Do drugs equal addiction? Is that the only cause? That’s what I’ve always been taught in school. Now that I’m older and have more life experience, I see that drug addiction is more multifaceted than the what anti-drug PSA’s tell us. Watching the Kurzgesgat video on addiction has solidified my view.
In the Kurzgesgat video, I learned about the Rat Park experiments, a study in drug addiction conducted in the late 1970’s by Bruce K.. Alexander and his peers at Simon Fraser University in British Columbia, Canada.
Alexander hypothesized that addiction was not caused by drugs themselves, but by the environment.
He and his colleagues tested out the hypotheses by building “Rat Park,” a large, lush enclosure where rats were able to socialize, mate, fight, and play. The enclosure had walls painted with woodland scenery, fragrant ceder blocks for the rats to nest, and scattered boxes and cans for the rats to play. Next to “Rat Park,” they built mesh cages to test the effect isolation had on addiction.
In the experiment, the researchers randomly placed 16 rats in Rat Park and 16 rats in the isolated mesh cages. Each group had two bottles: one was tap water and the other was morphine with sweetened water.
Their results were that the rats living in the isolated mesh cages drank the morphine earlier than the rats living in Rat Park.
Furthermore, the researchers conducted other experiments focused on drug dependency. In these experiments, most days rats were given drugged morphine water while on their “choice” days, they could choose between tap water and the drugged morphine water. The rats living in isolation increased their morphine intake on “choice” days while the rats living in Rat Park decreased their morphine use despite their withdrawal symptoms. Here is a comic that fully addresses the extent of the experiment.
It’s easy to brush off the experiment and say, “It’s a weird genetic quirk that rats have.” Well, as these experiments were happening, a human equivalent happened.
The Vietnam War
According to Time magazine, heroin was “as common as chewing gum” among U.S. Soldiers, and evidence to back this up is a study found in the Archives of General Psychiatry. The study stated that 20 percent of U.S. Soldiers self-identified being addicted to heroin. As a result, the enlisted men addicted to heroin were kept in Vietnam until they dried out. When they returned back to the U.S., 95 percent of the addicted soldiers did not become re-addicted.
Could it simply be because they were taken out of a violent environment and back into a more peaceful one? Could it be that only 20 percent only self identified as addicts and the 80 percent were in denial?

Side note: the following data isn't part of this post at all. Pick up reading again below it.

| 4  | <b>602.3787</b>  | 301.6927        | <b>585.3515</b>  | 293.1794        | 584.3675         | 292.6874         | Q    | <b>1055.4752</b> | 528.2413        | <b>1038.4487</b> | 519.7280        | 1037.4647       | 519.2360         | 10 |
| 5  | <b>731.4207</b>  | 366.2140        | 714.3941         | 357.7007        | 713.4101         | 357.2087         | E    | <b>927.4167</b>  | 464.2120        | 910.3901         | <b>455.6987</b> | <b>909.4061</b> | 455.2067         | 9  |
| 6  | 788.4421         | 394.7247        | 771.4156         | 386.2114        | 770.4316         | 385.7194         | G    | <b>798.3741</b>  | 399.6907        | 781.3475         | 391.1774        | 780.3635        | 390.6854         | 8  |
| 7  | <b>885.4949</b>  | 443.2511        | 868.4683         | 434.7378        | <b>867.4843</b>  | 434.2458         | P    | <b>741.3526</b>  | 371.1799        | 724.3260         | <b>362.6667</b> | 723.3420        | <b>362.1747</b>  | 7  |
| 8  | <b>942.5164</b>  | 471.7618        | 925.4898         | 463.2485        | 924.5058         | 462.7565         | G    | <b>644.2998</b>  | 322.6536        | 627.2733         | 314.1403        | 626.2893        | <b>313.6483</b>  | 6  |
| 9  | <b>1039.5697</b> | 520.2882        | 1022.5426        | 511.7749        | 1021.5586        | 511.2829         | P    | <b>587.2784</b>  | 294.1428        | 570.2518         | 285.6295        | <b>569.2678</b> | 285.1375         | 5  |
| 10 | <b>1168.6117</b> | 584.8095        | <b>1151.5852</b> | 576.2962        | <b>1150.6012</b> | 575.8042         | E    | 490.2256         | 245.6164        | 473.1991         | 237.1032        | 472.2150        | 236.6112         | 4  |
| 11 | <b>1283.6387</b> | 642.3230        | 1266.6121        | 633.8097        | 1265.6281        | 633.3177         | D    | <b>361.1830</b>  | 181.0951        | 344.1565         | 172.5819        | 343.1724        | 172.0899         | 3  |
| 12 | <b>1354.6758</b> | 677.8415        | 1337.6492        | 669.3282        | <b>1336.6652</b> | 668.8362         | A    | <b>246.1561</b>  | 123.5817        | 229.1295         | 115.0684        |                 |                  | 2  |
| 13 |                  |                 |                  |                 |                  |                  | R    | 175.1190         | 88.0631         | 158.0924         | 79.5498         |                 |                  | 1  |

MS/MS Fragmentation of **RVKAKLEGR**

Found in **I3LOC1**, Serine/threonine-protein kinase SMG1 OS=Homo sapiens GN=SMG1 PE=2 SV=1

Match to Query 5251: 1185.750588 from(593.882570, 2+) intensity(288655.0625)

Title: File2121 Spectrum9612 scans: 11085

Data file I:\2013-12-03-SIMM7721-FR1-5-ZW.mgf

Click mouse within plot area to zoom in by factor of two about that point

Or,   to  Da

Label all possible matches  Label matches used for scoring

Another human comparison is when people take diamorphine in the hospital for pain relief.
“What is diamorphine?” you asked?
Dimorphine is the medical term for heroin and is more potent and purer than what is found in the streets.
So if we use the theory that drugs cause addiction, people who are on diamorphine for long periods, after they leave the hospital, they will go onto the streets and try to buy smack. Right?
The interesting part is that never really happens. Canadian Dr. Gabor Mate, a renowned speaker and best-selling author of In the Realm of Hungry Ghosts: Close Encounters with Addiction, medical users just stop despite months of use. The same drug, used for the same length of time, causes street users into desperate addicts, something that doesn’t affect medical users. Could it be that medical users usually have a circle of social support and street users usually don’t?
My concern is I don’t think environment is the only factor that plays into addiction, like drugs are the only factor.
I do agree that we have to be compassionate towards individuals going through addiction and support them in their need of help. My concern is I don’t think the environment is the only factor that plays into addiction like drugs are the only factor.I believe it’s a combination of the drugs, genetics, personality, economics, and the list goes on.
At least, by introducing students the immense impact that environment has on drug addiction, instead of only providing the old drugs equals addiction model, students are able to see that addiction is dimensional.
I wish there was a more nuanced view on drugs and addiction in schools, but I can see where the nuanced view can be confusing for students who struggle with critical thinking. At least, by introducing students the immense impact that environment has on drug addiction, instead of only providing the old drugs equals addiction model, students are able to see that addiction is dimensional.